Sport & Auto
- About Future
- Digital Future
- Cookies Policy
- Terms & Conditions
- Investor Relations
- Contact Future
Last night, before tossing and turning for a good three hours, I finally finished George R.R. Martin's "A Game of Thrones." I'd been nibbling my way through the book -- a 900-page tome -- since late May, so I was understandably thrilled to see its final page, as well as its wildly out-of-place ad for the "A Game of Thrones" collectible card game. But AGoT's only the beginning of a planned seven-part series that began in 1996. Needless to say, AGoT's sequel has been on shelves, Amazon, and wherever else books are sold since before my age had taken on a second digit, and because AGoT ended on a huge cliffhanger, I nabbed the second book from my local Borders with all the subtlety a frothing nerd could muster, clasping it in my hands with a grip that bystanders described as "air-tight."
However, if I'd voraciously devoured AGoT back in '96, I'm fairly sure my satisfied smile would've flipped upside down. The final chapter felt like a build to the climax, but then -- as though it was a badly planned rollercoaster -- the story just ended, leaving readers dangling for roughly two years. (Yeah, the bad kind of rollercoaster.)
Obviously, literature isn't the only medium that backhands its users this way. Games, too, have a habit of rolling out large, red, inappropriately timed stop signs just when things are getting good. Even worse, development cycles now pack double the staff and take twice as long to complete compared to only a few years ago. Looks like the wait between sequels will only grow more arduous before it tapers off.
So, what's the least satisfying game ending you've ever come across? How did you react? Did you pen an angry email? Boycott the sequel?
This installment of the Roundup features the successor to a top-notch game with an abysmal ending, a peek behind the scenes of a controversial game that's attempting to tell a titanic, cliffhanger-laden tale, and so much more. See the stunning conclusion after the break.
"First, our money - the pound or the euro - is very strong and because of that the turnover from those countries is heavier than they used to be," Ubisoft CEO Yves Guillemot explained during an interview with GI.biz. "So for Ubisoft turnover Europe is actually more important than the US now, and by more than 5 per cent. It's become a very strong market for us."
He also noted that casual gaming's simplistic wiles have persuaded many Europeans to pick up a controller, claiming that "this market has no limit in the growth it can have if we can make sure that the people that are coming in are staying."
Check out the link for the full interview.
Quick, think of someone other than Ken Levine who worked on Bioshock. Ok then, how about someone other than Will Wright who slaved away at Spore? Yeah, me neither. Gas Powered Games' Chris Taylor, however, wants you to be able to rattle off the names of his staff as though you were singing the Poke-rap.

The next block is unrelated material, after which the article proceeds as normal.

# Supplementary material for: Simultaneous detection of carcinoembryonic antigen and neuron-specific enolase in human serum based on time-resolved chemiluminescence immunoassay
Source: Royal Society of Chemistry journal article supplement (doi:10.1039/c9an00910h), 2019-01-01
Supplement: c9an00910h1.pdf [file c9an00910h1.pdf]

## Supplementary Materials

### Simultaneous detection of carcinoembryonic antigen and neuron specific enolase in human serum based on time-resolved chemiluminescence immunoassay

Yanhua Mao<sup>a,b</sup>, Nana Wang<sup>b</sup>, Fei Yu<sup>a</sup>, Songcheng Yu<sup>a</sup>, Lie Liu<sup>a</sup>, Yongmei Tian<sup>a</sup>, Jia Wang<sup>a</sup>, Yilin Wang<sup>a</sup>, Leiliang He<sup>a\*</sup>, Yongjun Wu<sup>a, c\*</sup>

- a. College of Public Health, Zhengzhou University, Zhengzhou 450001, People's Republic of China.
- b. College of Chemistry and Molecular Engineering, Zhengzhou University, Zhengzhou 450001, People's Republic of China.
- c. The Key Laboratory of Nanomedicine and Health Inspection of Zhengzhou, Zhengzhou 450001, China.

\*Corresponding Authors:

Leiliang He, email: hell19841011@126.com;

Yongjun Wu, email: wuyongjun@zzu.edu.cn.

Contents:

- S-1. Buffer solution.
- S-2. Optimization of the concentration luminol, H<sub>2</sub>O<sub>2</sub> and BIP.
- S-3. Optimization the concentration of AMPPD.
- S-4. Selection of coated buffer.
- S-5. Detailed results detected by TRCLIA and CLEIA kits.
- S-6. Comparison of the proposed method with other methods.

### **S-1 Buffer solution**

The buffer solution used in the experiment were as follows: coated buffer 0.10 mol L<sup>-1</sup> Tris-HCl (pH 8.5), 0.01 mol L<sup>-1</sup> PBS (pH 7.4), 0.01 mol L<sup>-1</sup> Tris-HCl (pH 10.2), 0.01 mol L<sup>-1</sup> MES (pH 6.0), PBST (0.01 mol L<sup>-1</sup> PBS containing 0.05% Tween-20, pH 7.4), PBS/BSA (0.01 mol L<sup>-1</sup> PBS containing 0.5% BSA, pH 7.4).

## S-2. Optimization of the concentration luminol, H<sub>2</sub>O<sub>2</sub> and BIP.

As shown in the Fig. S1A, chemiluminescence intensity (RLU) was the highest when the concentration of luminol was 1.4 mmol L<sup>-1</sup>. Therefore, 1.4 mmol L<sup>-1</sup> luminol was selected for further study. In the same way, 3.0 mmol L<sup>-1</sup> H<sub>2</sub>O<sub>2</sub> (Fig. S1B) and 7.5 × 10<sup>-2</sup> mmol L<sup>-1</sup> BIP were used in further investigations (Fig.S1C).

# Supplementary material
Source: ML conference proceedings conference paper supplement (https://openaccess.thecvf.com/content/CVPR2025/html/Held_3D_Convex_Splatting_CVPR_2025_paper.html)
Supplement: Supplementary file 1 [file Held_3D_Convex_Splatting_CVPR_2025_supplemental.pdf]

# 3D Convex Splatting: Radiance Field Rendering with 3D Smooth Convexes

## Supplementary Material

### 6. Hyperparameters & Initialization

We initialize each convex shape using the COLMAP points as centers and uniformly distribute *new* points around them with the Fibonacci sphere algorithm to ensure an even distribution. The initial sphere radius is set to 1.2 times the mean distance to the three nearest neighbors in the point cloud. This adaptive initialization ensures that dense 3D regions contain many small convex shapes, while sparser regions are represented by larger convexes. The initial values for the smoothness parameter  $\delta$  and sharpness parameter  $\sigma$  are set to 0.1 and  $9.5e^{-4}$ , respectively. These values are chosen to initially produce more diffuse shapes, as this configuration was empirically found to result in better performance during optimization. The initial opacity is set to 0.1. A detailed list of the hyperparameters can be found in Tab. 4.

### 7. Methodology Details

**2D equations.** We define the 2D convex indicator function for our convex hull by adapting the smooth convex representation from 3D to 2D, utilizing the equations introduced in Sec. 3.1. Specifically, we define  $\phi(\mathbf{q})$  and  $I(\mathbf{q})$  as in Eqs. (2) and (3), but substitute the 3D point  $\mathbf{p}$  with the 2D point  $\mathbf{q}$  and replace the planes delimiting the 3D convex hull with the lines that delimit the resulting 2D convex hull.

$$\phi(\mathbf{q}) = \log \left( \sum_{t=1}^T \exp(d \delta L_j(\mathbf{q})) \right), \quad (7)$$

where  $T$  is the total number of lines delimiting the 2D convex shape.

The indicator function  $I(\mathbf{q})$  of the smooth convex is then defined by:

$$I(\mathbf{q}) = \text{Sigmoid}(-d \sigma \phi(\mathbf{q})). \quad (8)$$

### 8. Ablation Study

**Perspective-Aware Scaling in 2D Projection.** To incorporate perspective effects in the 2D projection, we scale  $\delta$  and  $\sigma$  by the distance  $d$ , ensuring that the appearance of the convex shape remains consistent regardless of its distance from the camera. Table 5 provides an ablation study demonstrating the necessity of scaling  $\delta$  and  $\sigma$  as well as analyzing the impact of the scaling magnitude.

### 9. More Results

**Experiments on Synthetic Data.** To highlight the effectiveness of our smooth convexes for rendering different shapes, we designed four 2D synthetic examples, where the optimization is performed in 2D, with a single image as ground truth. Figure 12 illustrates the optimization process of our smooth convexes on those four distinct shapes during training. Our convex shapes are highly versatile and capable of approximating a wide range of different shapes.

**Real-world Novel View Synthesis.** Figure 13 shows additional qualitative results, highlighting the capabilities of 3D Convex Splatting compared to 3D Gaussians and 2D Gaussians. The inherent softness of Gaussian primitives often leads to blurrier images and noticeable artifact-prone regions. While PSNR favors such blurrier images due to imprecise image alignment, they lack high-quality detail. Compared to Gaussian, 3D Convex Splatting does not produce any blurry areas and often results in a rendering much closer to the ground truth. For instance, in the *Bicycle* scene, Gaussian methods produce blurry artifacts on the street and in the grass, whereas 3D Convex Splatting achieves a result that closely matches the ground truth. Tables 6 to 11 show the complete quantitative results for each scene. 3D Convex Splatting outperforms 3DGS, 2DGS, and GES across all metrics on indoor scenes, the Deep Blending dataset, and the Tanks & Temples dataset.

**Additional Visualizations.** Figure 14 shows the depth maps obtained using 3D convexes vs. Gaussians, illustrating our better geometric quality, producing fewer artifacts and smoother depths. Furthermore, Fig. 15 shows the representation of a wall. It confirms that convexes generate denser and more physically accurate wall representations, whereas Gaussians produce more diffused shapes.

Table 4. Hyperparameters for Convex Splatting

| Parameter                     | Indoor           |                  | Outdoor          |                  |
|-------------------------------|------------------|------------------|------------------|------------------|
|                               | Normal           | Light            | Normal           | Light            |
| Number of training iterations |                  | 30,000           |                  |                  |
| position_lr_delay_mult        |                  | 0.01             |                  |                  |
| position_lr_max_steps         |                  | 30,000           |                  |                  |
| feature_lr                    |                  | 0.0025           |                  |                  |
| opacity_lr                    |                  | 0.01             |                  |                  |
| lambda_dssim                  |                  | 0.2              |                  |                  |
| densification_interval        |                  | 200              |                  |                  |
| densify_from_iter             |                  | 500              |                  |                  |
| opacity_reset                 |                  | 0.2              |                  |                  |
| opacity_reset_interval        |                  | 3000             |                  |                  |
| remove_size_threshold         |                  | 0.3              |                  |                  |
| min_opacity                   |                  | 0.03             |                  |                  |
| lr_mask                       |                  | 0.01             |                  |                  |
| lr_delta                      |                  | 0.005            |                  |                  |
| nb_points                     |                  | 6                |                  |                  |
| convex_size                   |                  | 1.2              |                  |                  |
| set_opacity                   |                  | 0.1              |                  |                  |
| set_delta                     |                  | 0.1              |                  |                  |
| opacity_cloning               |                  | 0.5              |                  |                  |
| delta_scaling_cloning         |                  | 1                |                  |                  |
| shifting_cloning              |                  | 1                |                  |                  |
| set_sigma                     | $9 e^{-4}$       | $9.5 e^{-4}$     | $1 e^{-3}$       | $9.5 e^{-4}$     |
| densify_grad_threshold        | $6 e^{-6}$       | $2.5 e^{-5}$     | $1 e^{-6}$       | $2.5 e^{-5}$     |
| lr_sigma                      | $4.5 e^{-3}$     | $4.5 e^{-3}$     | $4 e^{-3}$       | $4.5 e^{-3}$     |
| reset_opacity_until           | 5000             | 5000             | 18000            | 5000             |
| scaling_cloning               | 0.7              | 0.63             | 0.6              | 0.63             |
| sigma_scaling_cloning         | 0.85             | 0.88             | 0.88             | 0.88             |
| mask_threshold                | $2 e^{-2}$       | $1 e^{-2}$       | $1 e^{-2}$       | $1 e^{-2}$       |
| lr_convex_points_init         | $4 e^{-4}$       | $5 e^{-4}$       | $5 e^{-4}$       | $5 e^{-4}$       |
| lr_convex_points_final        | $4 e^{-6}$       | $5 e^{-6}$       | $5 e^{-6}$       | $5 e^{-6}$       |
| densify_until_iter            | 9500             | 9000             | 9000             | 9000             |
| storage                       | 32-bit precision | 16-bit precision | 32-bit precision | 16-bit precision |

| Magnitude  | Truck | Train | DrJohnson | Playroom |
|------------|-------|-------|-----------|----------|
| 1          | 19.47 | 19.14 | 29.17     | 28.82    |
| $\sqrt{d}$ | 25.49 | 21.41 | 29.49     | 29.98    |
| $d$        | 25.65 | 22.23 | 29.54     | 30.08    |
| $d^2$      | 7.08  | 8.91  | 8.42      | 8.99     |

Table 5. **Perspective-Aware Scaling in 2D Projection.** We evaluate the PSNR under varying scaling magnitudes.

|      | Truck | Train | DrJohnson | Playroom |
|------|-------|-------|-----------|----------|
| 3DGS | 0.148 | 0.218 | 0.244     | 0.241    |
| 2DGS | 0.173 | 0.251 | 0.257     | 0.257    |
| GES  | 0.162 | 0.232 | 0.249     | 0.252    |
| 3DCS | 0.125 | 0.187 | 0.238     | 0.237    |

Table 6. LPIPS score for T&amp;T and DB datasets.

"I have been very spoiled, and get more attention than I deserve," Taylor said. "So I like to see the team interacting more with the press, and see questions go from the press straight to the guys who create the AI, or [lead artist] Nate [Simpson], who's created this incredible look for the world, or Mike [Marr], who's now the lead designer on the game."
"If people in the press want to interview individuals, I love that. I think that's the best thing, to get the story from the people who are working on the specifics of the game, rather than being filtered through me and getting my version of it."
Chris Taylor, Nate Simpson, Arbok, Pikachu!
I know a few of you weren't too happy with Heavy Rain's debut trailer, so just try to humor Sony's David Reeves, please.
“A risk? I would rather say it’s an opportunity… If you listened to the keynote speech yesterday, David Reeves said this is the most important title for next year. I believe it’s an opportunity to expand the market, also.”
“It’s an opportunity to get people on board with traditional games,” he said. “Everybody likes stories, like characters, likes emotions, and it’s an interesting way to get people playing on PlayStation 3.”
But can "everyone" mash button combinations without glancing down at their controller? A huge barrier, that.
Is it just me, or is this little candid camera session pointless? A) These people have been working with Dyack for years, so of course they like him well enough, and B) if they planned on pulling out the ol' soap box and tearing into their boss, I doubt they'd do it in a public, name-displaying forum.
The headline does not lie. Written by former 1up-ers Dan Hsu and Crispin Boyer, this blog focuses on gaming journalism's less savory side that publishers and publications alike would probably rather you not know about. So very, very juicy.
One for each person who plays the game!